When Final Sale Is Over, Erdays Still Will Be a Part of Geneva

Lifelong Geneva businessman and Stage 4 cancer survivor Victor Erday III hopes to do some fishing after the liquidation sale of the men's clothing store that has been a Geneva icon since his grandfather started the business in 1925.

"Gone Fishing."

Putting that shingle on the door sounds pretty darned nice right about now as the ice still clings to the sidewalks in sleepy, enchanting Geneva, IL.

And it's exactly what lifelong Geneva businessman and cancer survivor Victor Erday III hopes to do once the liquidation sale is over at Erday's, the men's clothing store his grandfather founded almost 88 years ago.

"I’ve actually been looking forward to this day," the store's co-owner said in a phone interview Monday. "We almost did this (liquidation) last year. All the brothers took a 50 percent pay cut just to keep it going, so we could do it for another year." 

For old-timers like me, it's hard to imagine Geneva without Erday's, and we can only be grateful it lasted as long as it did. Look up and down the Fox River or east-west from Chicago to DeKalb, and you won't find many—if any—indendent men's clothiers in downtown locations. Even the American Male store in Oswego has branched out and is selling women's clothes and accessories.

Erday repeated what he had told the Daily Herald—that the Casual Friday experiment eventually became Casual Every Single Darned Day, and that made it very hard for a family-owned independent seller of men's clothes.

There are plenty of other reasons, of course, from discounting department stores to competition on Randall Road to a shaky economy that still hasn't gained footing to changing buying habits.

"For guys, clothes are a low priority," Erday said. "Women buy because they want to; men buy because they need to. And you don't need to if you've got to take care of the mortgage. In 2008, we started seeing a lot of foreclosures (in Geneva, Batavia and St. Charles.) I'd look at the newspapers and there'd be 20 to 24 a month.

"Plus, back in '70s and '80s, what did husbands and sons get for Christmas or their birthdays? For the most part, clothes. Now it's electronics—or some other online buying."

Family History

The Erday's business began when Victor III's grandfather—Victor Erday, Sr.—immigrated from Hungary in 1919. He spent some time in Aurora, then moved to Geneva and started a tailor shop in on Third Street where "the old Maverick Shop" used to be, Victor said.

Victor Sr. built the Erday Building at 10 N. Third St. in 1930 and added the north end in 1962. The major expansion out to state street was in 1973, according to the Erday's website. There apparently was a walkway between the two buildings, which eventually was closed off when the buildings were connected.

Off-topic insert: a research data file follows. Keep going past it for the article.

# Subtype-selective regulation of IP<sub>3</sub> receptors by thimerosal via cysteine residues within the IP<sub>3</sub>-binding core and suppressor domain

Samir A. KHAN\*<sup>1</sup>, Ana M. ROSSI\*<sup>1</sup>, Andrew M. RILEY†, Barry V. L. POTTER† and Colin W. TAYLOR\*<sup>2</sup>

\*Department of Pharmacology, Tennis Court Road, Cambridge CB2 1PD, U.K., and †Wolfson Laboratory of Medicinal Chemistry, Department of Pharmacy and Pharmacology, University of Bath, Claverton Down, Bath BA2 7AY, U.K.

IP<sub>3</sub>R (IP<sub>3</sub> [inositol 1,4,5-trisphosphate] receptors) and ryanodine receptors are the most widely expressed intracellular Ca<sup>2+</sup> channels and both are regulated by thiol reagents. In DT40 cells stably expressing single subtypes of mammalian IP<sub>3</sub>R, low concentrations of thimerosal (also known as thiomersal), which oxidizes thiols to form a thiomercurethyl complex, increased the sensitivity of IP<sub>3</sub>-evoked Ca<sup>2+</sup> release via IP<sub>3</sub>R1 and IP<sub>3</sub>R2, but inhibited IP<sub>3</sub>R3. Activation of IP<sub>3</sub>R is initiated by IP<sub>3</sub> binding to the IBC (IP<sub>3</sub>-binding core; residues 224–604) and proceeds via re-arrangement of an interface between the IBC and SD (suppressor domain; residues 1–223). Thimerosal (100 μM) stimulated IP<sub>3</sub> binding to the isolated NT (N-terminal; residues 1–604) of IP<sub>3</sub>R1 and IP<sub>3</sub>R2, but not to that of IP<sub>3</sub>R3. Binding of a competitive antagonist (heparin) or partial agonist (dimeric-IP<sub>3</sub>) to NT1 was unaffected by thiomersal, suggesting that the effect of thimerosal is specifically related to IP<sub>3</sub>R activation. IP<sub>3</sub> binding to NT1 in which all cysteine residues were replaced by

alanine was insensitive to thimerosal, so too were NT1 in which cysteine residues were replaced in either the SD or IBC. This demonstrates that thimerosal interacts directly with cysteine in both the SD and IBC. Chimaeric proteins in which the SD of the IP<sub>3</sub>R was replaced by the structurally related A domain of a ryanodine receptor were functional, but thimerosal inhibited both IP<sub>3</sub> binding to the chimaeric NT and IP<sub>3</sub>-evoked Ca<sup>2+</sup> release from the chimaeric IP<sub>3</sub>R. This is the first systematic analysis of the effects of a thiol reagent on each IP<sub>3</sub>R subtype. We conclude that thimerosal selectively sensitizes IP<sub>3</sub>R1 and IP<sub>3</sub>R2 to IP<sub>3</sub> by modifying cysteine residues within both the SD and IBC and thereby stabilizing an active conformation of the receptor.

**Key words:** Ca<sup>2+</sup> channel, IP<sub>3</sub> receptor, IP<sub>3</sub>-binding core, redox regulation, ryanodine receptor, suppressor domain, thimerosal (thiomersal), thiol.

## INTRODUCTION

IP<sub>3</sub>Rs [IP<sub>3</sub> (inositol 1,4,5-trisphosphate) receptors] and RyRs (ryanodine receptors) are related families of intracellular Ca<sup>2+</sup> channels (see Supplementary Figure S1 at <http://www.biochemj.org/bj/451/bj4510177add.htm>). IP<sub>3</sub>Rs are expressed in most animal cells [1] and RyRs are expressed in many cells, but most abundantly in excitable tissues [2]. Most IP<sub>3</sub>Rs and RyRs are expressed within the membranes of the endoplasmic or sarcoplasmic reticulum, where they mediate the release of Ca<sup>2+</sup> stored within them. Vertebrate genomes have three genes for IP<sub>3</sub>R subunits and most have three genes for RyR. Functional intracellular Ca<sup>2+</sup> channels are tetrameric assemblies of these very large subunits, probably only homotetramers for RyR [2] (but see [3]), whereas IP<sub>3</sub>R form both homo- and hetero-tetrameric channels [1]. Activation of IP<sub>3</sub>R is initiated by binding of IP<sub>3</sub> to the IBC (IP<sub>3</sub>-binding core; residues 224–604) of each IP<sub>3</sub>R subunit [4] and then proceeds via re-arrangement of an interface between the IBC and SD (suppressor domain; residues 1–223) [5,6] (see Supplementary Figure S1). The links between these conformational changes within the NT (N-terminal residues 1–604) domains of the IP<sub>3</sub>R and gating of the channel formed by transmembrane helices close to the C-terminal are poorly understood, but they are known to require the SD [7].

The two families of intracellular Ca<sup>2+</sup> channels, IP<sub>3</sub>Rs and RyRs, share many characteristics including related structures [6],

Victor Sr. and Victor Jr. ran the family business, and at one point, all of Victor Jr.'s six children worked at the store.

Of course, with three generations of "Victor Erdays" working at the store, there was bound to be a certain amount of customer confusion.

"Grandpa used to come back at Christmas time, and somebody would call for me and say, 'We'd like to speak to Victor, Jr.' or 'We want Victor, Jr.' and he'd say, 'I am Victor, Jr.' It was like 'Who's on first?' " Victor III said. "That happened all the time."

Despite the fishing opportunity that lies on the horizon, it's impossible not to remember all the good times and the sweat equity that went along with job. 

"In eighth grade, my dad had us on the floor selling merchandise. After school, we went to work. In college, we came home for the holidays and went to work, sweeping floors and unloading freight from the trucks. Now, we still sweep floors and unload the freight from the trucks. When it’s a family business, you still have to do it all."

What Happens Next

While the independent men's clothing retailer might be a dying breed, Victor III is just glad he's not dying, period. In 1992, he was diagnosed with stage 4 lymphoma, went to Loyola Hospital and underwent treatments for six years.

"They threw the book at me, but the bottom line is, I’m still here," he said.

And that's one of the reasons he's looking forward to this day.

"I want to enjoy life to the fullest here," he said. "There are only 'X' amount of fishing trips in a lifetime, and I want to make sure I get the full quota."

Erday says he has four Canada trips planned already. But he likes to take his boat to Lake Delavan and Lake Geneva in Wisconsin, and who knows? Maybe he'll even dip a line in the Fox River, which is something he hasn't done for a long time.

That will have to wait, of course, until the liquidation sale is over. Victor said he didn't know how long that would be—whenever sales slow down and items are gone from the shelves.

The Erdays plan to rent the 6,000 square feet of space that will become available in the Erday building, which includes not only the store space north of Perlman's Fine Jewelry but offices and shipping and receiving. They have a family apartment on the second floor, and there's an existing tenant on the second floor, as well. They also own part of a building on Hamilton Street, east of Giesche's.

"Instead of retailers, we'll become landlords, I guess," Erday said.

Victor said his brother, Bob, who is 20 years younger his junior, hopes to stay involved in the men's clothing industry, while his brother Jim, who is just a few years younger, probably would join him in retirement.

"Jimmy likes fishing, too," Vic said.


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